A Meditation upon Psalm 20
Let it be understood from the outset that Christ’s people are not waging a physical war. As He did not fight His enemies with a sword but with words of truth and gracious deeds, so His followers must love their enemies in the world. Now read on.
This psalm is not what it appears to be at first. It may sound like a sweet, simple blessing that we could pronounce over our children as they go off to college: “May He give you the desire of your heart and make all your plans succeed.” But nearly everything about that interpretation is wrong. This is not a prayer asking God’s blessing on human plans. It is not an uncommitted invocation that we can bestow and forget. There is nothing innocuous or human or uncommitted about it.
It seems that David wrote this prayer to be used in the liturgy of the Hebrew people for a very specific purpose. This psalm was an invocation of blessing recited by the people of God over their king before he went to war. Notice that the recipient of the blessing is the anointed one, and it is his aspirations for the nation, not his people’s desires, which are being affirmed.
The people of Israel also constituted the army of God, so this is, moreover, the benediction of the army upon its general. In that context it is not merely a blessing – because the success of the king’s plans depended greatly upon the commitment of his army, it is also a pledge, their pledge of allegiance. What an encouragement it must have been to David on the eve of battle to hear this prayer for his well-being and for the triumph of the kingdom, to hear the declaration of his fighting force to do their utmost to achieve the victory.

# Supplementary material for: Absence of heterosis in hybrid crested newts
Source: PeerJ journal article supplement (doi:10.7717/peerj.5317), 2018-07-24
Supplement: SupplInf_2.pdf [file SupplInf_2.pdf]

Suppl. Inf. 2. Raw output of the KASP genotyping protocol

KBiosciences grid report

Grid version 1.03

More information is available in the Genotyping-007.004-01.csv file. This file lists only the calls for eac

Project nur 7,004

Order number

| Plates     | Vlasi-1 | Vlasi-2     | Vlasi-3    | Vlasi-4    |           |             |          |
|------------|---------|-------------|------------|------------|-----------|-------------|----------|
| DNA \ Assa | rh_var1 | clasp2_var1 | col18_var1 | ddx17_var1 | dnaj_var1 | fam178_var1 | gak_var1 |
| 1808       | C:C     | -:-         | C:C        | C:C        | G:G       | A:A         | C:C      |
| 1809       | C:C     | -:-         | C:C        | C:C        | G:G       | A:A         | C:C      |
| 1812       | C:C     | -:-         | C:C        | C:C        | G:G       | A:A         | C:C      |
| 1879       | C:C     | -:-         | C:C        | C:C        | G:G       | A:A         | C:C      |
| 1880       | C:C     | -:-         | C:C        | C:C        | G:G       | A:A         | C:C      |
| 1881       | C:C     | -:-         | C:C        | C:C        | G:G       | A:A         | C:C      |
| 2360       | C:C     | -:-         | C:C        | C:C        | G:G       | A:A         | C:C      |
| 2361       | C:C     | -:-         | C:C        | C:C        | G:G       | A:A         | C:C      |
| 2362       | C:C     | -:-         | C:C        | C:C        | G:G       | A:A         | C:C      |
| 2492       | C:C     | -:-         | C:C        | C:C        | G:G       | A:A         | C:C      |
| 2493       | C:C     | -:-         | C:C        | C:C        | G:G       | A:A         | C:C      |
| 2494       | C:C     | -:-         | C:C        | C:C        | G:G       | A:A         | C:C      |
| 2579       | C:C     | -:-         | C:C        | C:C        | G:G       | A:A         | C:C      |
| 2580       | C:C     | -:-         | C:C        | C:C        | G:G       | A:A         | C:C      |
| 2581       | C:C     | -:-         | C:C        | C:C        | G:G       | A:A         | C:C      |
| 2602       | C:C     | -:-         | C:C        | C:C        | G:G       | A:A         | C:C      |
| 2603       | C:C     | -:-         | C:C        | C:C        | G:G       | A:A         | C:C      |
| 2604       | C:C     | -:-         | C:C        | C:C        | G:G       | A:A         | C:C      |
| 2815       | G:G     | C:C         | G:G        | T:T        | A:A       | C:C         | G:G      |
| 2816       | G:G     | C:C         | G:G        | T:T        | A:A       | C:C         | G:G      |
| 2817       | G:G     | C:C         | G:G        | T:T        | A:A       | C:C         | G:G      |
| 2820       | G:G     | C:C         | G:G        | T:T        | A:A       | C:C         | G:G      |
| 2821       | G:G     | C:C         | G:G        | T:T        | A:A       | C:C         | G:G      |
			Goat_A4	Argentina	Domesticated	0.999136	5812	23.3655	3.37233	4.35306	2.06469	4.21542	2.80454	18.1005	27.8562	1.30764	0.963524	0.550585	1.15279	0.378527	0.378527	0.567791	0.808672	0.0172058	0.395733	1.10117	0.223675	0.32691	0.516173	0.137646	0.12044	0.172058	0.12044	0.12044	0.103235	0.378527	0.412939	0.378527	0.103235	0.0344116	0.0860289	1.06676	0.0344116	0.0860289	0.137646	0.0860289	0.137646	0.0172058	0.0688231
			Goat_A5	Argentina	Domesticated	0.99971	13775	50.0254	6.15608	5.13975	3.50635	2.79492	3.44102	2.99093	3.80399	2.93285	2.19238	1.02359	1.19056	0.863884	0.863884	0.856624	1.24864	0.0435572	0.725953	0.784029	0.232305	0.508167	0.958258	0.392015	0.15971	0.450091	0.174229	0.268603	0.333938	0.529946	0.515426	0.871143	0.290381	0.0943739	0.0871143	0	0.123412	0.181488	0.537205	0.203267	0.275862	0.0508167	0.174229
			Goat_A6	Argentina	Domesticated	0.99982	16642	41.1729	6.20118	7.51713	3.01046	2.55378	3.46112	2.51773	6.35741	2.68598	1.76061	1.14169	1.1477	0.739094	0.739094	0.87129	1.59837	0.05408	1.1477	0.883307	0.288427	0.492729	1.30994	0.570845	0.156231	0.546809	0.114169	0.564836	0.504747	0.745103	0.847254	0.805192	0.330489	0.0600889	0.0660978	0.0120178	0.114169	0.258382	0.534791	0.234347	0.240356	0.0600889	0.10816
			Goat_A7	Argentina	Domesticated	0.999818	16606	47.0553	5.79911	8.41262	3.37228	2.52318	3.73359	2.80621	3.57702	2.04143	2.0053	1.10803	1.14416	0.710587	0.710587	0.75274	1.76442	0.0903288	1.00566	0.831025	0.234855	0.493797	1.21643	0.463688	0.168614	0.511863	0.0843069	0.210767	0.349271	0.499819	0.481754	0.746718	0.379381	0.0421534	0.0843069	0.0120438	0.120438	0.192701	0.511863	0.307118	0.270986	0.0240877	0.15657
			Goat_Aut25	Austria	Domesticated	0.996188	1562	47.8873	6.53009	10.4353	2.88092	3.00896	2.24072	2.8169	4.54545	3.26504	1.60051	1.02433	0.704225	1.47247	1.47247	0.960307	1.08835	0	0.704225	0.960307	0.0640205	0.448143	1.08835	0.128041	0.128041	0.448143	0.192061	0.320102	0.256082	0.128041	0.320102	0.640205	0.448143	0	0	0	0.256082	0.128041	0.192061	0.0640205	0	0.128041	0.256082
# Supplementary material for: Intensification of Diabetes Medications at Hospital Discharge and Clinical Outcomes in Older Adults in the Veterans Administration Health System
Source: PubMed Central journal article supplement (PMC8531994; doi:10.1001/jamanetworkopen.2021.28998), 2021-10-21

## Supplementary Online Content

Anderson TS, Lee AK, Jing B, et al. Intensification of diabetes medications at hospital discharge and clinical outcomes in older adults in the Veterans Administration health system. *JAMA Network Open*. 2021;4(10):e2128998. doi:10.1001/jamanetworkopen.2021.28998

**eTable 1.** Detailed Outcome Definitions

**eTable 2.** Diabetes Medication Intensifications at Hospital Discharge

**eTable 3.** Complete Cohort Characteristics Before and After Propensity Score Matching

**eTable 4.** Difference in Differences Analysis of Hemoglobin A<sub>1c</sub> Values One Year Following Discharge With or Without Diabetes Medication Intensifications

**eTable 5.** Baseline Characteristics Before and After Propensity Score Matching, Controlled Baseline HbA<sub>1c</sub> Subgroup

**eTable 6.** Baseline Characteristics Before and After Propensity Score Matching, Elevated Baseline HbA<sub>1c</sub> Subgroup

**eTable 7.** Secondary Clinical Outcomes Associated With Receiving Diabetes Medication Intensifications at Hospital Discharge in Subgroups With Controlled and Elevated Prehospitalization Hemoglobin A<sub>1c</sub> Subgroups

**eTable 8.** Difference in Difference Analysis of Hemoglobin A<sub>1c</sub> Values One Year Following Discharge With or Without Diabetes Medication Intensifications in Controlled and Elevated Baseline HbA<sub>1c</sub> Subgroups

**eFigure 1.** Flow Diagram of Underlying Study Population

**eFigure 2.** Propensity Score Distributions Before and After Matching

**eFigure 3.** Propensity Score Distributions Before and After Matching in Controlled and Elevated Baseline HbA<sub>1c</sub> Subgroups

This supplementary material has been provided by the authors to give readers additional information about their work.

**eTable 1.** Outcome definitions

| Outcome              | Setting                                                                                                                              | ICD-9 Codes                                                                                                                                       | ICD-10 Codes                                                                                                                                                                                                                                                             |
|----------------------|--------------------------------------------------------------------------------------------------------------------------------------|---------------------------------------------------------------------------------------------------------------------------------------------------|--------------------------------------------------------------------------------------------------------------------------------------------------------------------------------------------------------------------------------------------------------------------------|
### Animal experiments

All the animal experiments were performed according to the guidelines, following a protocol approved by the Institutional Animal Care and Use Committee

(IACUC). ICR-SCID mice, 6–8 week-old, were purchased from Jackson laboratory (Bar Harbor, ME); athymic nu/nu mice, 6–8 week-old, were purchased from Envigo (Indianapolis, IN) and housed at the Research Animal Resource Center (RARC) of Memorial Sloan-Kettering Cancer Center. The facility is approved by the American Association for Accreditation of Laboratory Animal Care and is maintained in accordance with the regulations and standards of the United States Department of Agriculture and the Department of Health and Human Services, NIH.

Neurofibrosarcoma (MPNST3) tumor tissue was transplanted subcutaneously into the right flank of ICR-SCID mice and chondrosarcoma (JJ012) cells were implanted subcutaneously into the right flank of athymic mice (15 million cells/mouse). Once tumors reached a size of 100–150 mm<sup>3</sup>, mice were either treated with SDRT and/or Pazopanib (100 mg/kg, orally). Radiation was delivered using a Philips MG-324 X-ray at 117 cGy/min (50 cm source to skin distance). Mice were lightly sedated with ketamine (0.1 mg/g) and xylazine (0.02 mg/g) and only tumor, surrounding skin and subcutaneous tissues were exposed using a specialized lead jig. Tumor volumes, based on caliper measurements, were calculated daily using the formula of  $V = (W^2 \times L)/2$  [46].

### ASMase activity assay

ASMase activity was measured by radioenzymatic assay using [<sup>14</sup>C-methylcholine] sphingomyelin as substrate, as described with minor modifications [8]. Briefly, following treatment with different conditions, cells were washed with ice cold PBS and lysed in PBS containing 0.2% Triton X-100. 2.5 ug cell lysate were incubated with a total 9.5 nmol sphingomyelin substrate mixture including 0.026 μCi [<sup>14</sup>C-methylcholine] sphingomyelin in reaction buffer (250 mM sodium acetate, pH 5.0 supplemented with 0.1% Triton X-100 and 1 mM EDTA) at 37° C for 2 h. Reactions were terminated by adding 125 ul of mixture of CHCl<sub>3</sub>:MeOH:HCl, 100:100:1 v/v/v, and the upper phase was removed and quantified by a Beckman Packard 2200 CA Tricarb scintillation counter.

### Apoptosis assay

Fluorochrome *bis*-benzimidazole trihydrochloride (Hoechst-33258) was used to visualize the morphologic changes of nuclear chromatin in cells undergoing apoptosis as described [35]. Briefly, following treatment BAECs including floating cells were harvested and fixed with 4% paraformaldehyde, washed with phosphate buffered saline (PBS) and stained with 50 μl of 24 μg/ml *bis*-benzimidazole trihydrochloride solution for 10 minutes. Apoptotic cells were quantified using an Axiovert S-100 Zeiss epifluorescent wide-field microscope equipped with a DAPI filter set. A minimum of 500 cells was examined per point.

We, too, are the army of God’s Anointed. When Christ rides out to battle on that last, great day of trouble, “with Him will be His called, chosen and faithful followers” (Rev 17:14). And in the meantime, we do battle every day in His name with fear, temptation, sin, suffering and Satan. If we do not recognize those battles, like sleeping disciples in the Garden of Gethsemane, then they are already lost to us. But if we meet them prayerfully, they are already won. This psalm is our pledge to take up the banner of Christ, to honor His sacrifice, to follow His lead and to realize His objectives. It’s not God’s job to bless our plans – it’s our job, as the army of God, to bless His plans. This psalm is not asking for good weather, a better job or another child. It proclaims our willingness to wage war for the sake of God’s agenda, to do brave things because they are His things. Look around at what God is doing in your life, your church, and the world today. It’s your job to join His campaign. Let Psalm 20 be your prayer of blessing upon the King’s plans. Our King is worthy of our blessing and deserving of our pledge.
1. Are you more likely to ask God to bless your plans or to seek to be a blessing to God’s plans?
2. What battles do you see being fought in God’s name right now? Is there a role for you in some of those struggles?